A devastating, authentic portrait of divorce and obsession, writer/director Xavier Legrand’s debut feature is a stunner.
Miriam Besson (Léa Drucker) has had it with her husband Antoine (Denis Ménochet). In a divorce hearing, we learn that the couple have two children Joséphine (Mathilde Auneveux), age 18, and the young Julien (Thomas Gioria). Letters are read from the children, both of which express a desire to not see their father. Violence is alleged. However, Antoine’s attorney is able to point out that the allegations of abusive behavior are not supported and are out of step with his public persona.
The judge agrees with Antoine and grants visitation with Julien. Joséphine is 18 and can no longer be compelled to visit with her father. It’s the visitation that worries Miriam.
Determined to keep Antoine away from her, Miriam changes her cell phone number, keeps her apartment address a mystery, and refuses to even speak with Antoine. Naturally, this frustrates Antoine, who is passionately intent on being a part of his son’s life. And in light of Antoine’s sincere efforts to visit, Miriam’s actions are suspect. Is she alienating the children from their father out of personal animus?
Part of the magic of filmmaker Xavier Legrand’s film is that it keeps you guessing. It challenges you not to take sides. By holding back and giving us very little of the past, the tension builds as we struggle to understand. Antoine is a slowly boiling pot, and his initial reactions to Miriam’s secretive campaign against him are understandable. He’s being shut out from his family. It doesn’t seem to be fair.
Julien is constantly in a state of shock. He trembles around his father, who calls him “Sweetie,” hugging the boy with affection. What does Julien know that we don’t?
As Julien, the young Gioria displays terror both inside and out. This little actor is remarkable, and his terrified performance allows Antoine to simmer. Their father-son relationship, although strained, is credible—a familiar chemistry that works. Children don’t always like their parents, and sometimes, they fear them. This isn’t necessarily abuse, but here we wonder.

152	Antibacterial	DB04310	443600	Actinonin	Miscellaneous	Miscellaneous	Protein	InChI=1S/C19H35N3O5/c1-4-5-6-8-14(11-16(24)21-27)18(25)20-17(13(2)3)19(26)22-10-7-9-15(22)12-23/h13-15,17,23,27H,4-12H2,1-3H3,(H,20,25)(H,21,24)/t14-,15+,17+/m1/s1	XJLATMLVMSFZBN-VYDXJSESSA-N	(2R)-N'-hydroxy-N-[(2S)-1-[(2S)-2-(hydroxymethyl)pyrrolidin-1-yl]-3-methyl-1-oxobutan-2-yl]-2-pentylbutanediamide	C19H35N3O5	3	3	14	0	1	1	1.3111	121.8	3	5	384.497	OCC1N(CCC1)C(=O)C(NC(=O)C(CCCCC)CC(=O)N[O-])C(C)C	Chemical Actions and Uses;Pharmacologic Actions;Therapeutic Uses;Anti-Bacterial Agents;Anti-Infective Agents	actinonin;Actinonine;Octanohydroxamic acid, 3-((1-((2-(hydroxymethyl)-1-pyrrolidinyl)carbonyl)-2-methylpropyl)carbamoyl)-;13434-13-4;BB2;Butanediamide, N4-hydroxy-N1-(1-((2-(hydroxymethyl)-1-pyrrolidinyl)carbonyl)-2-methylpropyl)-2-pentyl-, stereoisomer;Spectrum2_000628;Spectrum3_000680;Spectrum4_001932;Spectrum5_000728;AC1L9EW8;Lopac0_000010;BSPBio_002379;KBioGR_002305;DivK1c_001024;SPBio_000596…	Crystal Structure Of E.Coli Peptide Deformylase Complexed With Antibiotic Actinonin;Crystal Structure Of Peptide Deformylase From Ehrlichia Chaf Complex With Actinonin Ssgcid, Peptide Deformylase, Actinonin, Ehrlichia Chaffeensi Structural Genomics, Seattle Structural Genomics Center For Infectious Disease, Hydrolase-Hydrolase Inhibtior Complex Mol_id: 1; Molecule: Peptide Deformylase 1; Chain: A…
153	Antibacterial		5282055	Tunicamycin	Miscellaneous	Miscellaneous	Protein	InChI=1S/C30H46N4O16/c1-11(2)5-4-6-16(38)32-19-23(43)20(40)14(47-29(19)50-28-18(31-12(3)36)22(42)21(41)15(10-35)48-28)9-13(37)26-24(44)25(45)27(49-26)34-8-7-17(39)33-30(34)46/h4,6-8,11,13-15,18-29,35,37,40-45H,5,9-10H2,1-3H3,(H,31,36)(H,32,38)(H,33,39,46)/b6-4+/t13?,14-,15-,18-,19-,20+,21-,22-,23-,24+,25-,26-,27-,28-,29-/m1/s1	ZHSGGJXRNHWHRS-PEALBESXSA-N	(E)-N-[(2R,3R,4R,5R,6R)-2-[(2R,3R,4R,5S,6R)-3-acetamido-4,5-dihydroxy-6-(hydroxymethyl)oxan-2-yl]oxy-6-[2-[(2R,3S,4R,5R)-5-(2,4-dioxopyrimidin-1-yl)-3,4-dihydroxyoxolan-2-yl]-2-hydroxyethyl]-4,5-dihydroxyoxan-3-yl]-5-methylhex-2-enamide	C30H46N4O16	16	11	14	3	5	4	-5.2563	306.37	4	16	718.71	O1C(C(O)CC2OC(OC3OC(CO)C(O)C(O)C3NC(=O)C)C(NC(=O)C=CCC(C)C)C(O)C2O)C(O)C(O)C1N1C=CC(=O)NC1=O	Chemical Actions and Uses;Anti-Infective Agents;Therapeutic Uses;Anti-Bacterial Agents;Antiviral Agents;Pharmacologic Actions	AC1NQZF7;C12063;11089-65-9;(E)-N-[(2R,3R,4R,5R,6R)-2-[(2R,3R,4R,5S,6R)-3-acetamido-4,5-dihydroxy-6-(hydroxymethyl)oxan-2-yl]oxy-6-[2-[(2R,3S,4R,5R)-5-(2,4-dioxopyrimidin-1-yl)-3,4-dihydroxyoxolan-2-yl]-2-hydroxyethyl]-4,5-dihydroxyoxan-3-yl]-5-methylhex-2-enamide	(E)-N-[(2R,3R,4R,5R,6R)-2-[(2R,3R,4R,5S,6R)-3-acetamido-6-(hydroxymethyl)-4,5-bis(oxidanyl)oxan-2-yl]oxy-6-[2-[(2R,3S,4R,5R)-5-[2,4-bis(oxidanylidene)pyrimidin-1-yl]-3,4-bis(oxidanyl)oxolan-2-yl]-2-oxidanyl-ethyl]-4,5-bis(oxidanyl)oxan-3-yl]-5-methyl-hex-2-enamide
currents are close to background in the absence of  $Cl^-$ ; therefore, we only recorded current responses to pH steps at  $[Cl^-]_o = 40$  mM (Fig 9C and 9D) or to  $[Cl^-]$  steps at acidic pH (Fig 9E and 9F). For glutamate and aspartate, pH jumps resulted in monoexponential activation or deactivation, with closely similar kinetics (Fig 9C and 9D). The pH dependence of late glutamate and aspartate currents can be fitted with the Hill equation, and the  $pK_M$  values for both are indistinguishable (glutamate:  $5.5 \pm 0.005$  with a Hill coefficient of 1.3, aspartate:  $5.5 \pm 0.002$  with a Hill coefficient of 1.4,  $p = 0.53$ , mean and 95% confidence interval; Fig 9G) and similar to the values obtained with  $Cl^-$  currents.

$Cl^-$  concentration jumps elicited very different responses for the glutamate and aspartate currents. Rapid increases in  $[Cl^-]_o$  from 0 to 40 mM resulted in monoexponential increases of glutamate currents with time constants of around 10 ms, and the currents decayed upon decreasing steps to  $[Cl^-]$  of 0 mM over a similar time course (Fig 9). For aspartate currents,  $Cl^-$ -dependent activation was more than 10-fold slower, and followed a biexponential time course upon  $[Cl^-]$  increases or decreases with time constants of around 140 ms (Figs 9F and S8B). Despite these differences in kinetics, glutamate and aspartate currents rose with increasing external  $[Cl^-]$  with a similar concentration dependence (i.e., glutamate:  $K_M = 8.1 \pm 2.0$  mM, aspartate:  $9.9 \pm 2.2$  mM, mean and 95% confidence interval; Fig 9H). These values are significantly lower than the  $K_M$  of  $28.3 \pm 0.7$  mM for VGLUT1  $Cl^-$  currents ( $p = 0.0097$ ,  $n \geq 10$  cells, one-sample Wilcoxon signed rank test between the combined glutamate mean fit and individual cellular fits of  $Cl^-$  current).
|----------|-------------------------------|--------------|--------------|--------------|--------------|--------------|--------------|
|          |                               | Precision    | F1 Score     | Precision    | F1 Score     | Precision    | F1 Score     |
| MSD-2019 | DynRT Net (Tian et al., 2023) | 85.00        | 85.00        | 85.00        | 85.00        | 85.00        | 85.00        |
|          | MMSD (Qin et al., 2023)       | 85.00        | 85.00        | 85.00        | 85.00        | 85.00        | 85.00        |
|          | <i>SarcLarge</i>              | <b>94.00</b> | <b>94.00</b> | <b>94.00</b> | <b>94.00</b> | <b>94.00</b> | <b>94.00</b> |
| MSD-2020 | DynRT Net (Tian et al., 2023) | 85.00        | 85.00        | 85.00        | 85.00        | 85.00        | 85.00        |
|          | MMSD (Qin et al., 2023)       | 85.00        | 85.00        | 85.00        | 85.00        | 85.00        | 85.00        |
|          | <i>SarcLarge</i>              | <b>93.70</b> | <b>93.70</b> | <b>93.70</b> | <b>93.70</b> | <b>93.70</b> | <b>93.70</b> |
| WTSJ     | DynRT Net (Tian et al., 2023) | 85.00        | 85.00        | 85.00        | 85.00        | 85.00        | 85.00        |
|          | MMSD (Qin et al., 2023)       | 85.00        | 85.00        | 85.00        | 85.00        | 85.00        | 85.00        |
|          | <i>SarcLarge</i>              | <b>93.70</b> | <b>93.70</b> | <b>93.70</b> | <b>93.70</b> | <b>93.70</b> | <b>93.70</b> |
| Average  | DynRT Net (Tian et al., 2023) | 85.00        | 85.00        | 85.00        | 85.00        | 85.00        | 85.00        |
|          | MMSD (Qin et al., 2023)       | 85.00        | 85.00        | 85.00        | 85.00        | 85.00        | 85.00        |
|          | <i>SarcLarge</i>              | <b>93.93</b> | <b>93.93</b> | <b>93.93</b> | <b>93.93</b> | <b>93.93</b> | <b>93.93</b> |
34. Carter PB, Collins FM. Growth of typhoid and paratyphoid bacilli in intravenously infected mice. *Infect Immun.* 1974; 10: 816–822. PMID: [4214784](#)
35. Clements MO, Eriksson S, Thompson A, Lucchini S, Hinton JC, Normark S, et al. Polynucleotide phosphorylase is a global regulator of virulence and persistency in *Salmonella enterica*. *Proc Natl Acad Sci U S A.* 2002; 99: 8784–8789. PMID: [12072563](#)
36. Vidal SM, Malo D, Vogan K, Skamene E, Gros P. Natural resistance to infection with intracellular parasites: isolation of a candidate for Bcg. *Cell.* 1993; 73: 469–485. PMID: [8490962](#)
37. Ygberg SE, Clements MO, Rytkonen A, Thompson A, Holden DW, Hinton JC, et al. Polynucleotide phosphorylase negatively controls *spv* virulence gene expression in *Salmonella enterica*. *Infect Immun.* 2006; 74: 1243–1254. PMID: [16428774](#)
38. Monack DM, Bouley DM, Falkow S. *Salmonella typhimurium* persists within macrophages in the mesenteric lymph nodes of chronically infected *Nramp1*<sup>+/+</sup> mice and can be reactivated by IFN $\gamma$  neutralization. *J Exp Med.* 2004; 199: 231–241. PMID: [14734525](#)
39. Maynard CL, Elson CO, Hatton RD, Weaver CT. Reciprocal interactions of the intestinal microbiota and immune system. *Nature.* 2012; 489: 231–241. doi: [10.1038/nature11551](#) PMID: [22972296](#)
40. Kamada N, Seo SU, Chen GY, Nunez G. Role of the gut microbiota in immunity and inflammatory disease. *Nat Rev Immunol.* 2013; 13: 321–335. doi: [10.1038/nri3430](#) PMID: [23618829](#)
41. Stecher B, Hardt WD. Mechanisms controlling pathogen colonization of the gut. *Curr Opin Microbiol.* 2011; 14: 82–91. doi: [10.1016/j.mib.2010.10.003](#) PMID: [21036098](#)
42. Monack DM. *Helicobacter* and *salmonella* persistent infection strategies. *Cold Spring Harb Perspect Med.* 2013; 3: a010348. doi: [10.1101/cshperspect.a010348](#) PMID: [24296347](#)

“Custody” is a patient film, but it never seems slow or a labor. Part of the effectiveness has to do with the calm camera work by cinematographer Nathalie Durand. Durand, who lensed Roger Michell’s fun “Le Week-End,” never reminds you that she’s working. We get long shots where things are revealed instead of shown to us by a cut and lens change.
For example, we learn key details about Joséphine, as she secrets herself in a school bathroom stall. One scene has Miriam and Julien huddled together in a dark bedroom, and importantly, their eyes just catch the light, which is a tricky shot to get right. It’s the tiny details that matter here, because this is a mystery that challenges us to be objective. We’re unraveling this mystery by paying attention to what is shown to us as much as what we hear said. This is why a calm, restrained camera, that doesn’t get in the way, is critical.
Family struggles and attempts at civility are universal themes. “Custody,” is a French film, but, as an American father, who shares custody of a teen daughter, I instantly related to it. This kind of frustrating family drama reminded me of that Oscar winning Iranian film “A Separation.” These movies give international audiences a peek into foreign (or thought to be) domestic lifestyles and demonstrate how similar we all are. “Custody” makes us feel the personal vexation of loss and the inability to move on.